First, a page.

My last of many possible examples is that of the “Star Wars Kid”.  For any of you who have become familiar with Internet memes, then this is one of the most famous, next to that of lolcats of course.  In short, the “Star Wars Kid” is a high school student, who filmed himself imitating a Jedi by swinging a golf ball retriever around as a weapon.  His friends found the tape, made an electronic copy and shared it around the high school.  One of these students also posted it on the Internet and it became a viral success with different versions being created that include special effects, text and music.  As of 19 January 2013 the original YouTube version has had over 27 million hits.  Some estimates suggest that, overall; the clip has been seen over 900 million times.  It should come as no surprise to many that the boy did not want this video to become public and has endured significant bullying and derision, not only from his classmates, but from many who saw the copy online.  He suffered depression, dropped out of high school and was institutionalised in a psychiatric hospital.  Fortunately, despite all of this, he is now pursuing a degree in Law.  Before you immediately respond with quips like, “That kid needed to toughen up,” or, “He should’ve gotten over it, it was funny,” what embarrassing moments in your childhood would have been made worse by having it made public to that degree?  While many did laugh with the “Star Wars Kid”, rather than at him, there is a nasty mob mentality that can arise in the online world that doesn’t take into account the feelings of others.  Not everyone has the skin of a rhino. 

I am in no way arguing against Internet trends, nor popular cyber-cultures.  Also I am not attempting to advocate privacy through appealing to people’s fears or paranoia.  I do not think we are moments away from living through our own version of Orwell’s 1984.  What I am saying is that privacy is a value in the Western world, one that helps a person to develop, interact socially and have the solitude necessary for self-reflection.  We have transitioned reasonably well from a stage where information was limited in its accessibility, to the present, where most questions can be answered, to a degree, via Google.  The public has become a part of our private lives and in turn our private lives are now a part of the public arena, largely due to the Internet.  It is for this reason that we need to ensure that while some of our private life is open to the public, the amount of it that is made public, is still within the individual’s control.  We need to ensure the privacy we have come to expect is not suddenly a thing of the past.  I strongly disagree with Schmidt’s contention that if we don’t want people to know about it, we shouldn’t do it.  Those are the words of a man who has an agenda, one that is made explicit, when his occupation and Google’s history is considered.   How would we change the way we lived, if we imagined that anything we said, and everything we did, was recorded and could be put on the Internet for the world to see?  Our life would become a perpetual theatrical production, in which we would monitor and second-guess everything we said, and everything we did, as if we were on stage in front of a large audience.  What control would we be giving away to those in a position of power and influence?  What opportunities would we lose and the government gain?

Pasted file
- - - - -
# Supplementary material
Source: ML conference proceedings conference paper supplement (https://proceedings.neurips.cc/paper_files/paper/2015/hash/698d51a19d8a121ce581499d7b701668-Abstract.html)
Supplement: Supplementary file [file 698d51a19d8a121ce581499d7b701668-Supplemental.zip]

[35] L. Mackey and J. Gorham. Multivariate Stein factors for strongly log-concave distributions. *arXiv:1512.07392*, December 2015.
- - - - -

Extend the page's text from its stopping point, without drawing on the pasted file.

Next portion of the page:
We all have shameful moments, like the Star Wars Kid, but we typically have the opportunity to learn from them and hopefully laugh about them, because we can move on from them.  Moving on becomes an impossibility when the moments are forever kept in Google’s search engine and replayed by strangers for their own amusement.  We all need a safe place, and that place definitely isn’t found on the Internet.  As Michel de Montaigne said, “A man must keep a little back shop where he can be himself without reserve. In solitude alone can he know true freedom.”

List of References

Brenton, Myron.  (1964).  The Privacy Invaders.  New York: Coward-McCann. 

Prosser, William, L.  (1960).  Privacy.  California Law Review, 48, 338-423.

Solove, Daniel, J.  (2007).  I’ve Got Nothing to Hide and Other Misunderstandings of Privacy.  San Diego Law Review, Vol. 44, p.745.

Solove, Daniel, J.  (2008).  Understanding Privacy.  Cambridge: Harvard University Press. 

Solove, Daniel, J.  (2011).  Why Privacy Matters Even if you Have Nothing to Hide.  The Chronicle Review, May 15. 

Useful links I used for information about the examples of “Invasions of Privacy:

No comments:

Post a Comment

Feel free to comment, but play nicely!

Sadly, the unremitting attention of a spambot means you may have to verify your humanity.